370 H. B. Feys et al.

Metabolism and cell counts Measurements of glucose and lactic acid were performed by a point-of-care blood gas analyzer (Siemens Rapidpoint 500, Munich, Germany). pH was determined by glass electrode at room temperature of 20–22°C. Complete blood counts were performed on an automated XE 2100D haematology analyzer (Sysmex Corporation, Kobe, Japan) using a whole blood sample anticoagulated with ethylene diamine tetra acetic acid taken at the time of donation. Complete blood counts were all conducted in our central laboratory within 24 h following donation.

Aggregation and disaggregation Platelet aggregation was determined by light transmission in a dual-channel lumi-aggregometer (Chrono-log; Helena Laboratories, Haverton, PA, USA) using three different platelet agonists, each at two concentrations; a high dose to boost aggregation and a low dose to investigate sensitivity. These concentrations were determined in separate serial dilution experiments. For collagen 25 and 15 lg/ml was used, ristocetin (both American Biochemical & Pharmaceuticals, Epsom, UK) was used at 15 and 06 mg/ml, and the PAR1 thrombin related activating peptide SFLLRN (PAR1AP; Sigma-Aldrich, St Louis, MO, USA) at 10 and 35 lM. Aggregation cuvettes contained platelets diluted to 250 000 platelets/ll with their corresponding autologous platelet-free plasma with additive solution. The latter was prepared by centrifugation at 4500 g for 10 min to pellet the platelet fraction. Disaggregation was performed by isolation of PA from subject apheresis concentrates using gravity precipitation. The PA were subsequently gently washed twice in 20 mM 4-(2-hydroxyethyl)-1-piperazineethanesulfonic acid (HEPES) buffered saline (HBS, pH 74) at room temperature to remove residual single platelets. The PA were resuspended in 500 ll heterologous pooled normal human plasma (n = 21) in an aggregation cuvette. From this suspension, a 2 ll sample was taken for counting CD41-positive events by flow cytometry. Next, 250 IU/ml of urokinase plasminogen activator or 220 lM of the integrin aIIbb3 inhibitory tetrapeptide RGDS (Sigma-Aldrich) was added to the cuvette, and disaggregation was followed at 37°C in function of time. At the end of the experiment, another 2 ll sample of the urokinase-activated sample was used for recounting CD41-positive events by flow cytometry.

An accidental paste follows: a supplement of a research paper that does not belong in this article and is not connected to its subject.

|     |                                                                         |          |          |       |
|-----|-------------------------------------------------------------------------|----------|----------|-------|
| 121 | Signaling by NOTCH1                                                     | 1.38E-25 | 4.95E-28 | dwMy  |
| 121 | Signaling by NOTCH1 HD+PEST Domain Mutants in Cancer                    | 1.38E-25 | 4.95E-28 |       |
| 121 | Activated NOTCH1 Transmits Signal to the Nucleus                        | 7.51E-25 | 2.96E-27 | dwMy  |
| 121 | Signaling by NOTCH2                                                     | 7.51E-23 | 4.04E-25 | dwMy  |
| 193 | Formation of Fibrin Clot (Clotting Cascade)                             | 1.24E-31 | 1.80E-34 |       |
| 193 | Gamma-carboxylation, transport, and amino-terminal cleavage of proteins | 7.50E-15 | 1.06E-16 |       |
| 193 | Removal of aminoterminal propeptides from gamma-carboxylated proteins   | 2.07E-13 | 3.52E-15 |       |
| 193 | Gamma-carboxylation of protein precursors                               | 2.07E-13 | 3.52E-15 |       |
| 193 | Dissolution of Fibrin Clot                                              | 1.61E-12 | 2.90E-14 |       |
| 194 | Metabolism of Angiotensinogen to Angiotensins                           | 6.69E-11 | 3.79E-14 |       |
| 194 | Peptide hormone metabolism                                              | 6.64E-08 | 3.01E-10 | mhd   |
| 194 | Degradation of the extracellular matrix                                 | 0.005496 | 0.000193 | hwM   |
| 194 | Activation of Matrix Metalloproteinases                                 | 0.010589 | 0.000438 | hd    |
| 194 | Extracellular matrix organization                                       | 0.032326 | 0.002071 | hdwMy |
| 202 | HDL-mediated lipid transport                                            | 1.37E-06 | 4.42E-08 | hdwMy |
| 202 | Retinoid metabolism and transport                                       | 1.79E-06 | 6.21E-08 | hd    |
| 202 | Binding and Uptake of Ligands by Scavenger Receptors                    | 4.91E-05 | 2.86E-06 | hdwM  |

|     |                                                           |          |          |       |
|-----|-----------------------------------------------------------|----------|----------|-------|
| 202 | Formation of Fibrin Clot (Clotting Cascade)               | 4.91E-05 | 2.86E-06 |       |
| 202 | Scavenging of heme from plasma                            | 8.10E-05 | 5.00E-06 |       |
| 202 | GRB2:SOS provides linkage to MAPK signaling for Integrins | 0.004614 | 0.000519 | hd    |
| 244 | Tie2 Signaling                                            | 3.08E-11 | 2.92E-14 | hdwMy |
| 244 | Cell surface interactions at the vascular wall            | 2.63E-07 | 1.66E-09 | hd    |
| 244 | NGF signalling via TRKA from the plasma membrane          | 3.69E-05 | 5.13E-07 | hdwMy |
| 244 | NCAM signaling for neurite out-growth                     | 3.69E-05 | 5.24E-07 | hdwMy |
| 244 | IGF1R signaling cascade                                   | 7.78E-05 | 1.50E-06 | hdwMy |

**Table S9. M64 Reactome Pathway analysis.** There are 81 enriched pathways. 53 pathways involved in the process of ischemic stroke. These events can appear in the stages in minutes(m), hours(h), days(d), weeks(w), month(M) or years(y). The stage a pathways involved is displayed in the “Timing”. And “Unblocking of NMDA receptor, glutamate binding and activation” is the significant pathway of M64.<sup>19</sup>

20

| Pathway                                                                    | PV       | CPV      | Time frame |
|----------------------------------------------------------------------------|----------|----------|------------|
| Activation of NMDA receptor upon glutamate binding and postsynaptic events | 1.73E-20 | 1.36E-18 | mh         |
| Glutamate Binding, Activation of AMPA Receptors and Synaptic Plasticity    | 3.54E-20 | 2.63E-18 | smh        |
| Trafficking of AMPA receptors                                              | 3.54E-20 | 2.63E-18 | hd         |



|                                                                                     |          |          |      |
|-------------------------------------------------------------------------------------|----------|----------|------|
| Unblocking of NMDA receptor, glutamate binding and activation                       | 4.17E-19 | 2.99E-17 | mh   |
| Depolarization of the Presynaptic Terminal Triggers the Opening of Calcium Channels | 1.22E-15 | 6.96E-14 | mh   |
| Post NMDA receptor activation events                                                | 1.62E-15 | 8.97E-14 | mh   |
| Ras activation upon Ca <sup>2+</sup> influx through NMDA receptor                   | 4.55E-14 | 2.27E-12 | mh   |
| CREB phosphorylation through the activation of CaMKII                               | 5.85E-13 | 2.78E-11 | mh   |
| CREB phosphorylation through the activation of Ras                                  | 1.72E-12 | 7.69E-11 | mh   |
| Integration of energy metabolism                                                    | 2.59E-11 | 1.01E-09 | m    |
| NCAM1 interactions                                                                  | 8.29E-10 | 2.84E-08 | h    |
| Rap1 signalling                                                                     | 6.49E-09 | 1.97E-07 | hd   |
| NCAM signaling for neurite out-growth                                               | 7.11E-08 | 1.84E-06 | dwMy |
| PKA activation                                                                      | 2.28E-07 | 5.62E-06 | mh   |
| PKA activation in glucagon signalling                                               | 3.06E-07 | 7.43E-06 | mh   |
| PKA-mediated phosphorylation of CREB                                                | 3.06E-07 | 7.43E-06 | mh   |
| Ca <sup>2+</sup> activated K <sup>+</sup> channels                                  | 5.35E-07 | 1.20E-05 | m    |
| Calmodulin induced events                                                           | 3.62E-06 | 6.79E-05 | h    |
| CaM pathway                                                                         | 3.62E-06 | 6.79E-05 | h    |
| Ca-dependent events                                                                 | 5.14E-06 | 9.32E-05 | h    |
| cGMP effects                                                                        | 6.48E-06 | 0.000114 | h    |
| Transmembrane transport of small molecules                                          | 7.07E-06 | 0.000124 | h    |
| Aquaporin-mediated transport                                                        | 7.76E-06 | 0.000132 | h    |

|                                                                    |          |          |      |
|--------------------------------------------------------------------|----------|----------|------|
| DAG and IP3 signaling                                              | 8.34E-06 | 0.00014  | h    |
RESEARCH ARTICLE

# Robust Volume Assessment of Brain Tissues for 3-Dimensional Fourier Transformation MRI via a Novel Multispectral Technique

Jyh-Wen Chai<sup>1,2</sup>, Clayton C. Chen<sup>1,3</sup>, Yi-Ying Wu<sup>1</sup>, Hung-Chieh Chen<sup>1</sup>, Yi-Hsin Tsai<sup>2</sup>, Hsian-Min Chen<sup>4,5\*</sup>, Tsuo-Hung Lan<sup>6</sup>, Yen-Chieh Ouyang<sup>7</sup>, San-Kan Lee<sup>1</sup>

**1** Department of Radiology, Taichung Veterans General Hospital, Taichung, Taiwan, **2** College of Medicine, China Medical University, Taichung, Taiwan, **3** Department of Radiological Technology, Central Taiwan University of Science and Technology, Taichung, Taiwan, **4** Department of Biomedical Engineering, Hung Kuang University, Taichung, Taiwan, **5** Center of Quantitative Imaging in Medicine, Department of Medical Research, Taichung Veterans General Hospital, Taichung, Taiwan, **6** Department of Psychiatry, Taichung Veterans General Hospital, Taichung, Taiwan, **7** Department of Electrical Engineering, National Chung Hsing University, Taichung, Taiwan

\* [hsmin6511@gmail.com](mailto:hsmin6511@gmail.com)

Flow cytometry Expression of glycoprotein Iba (GPIba) (anti-CD42b~fluorescein; Life Technologies, Carlsbad, CA, USA), activated integrin aIIbb3 (PAC-1~fluorescein; BD Biosciences,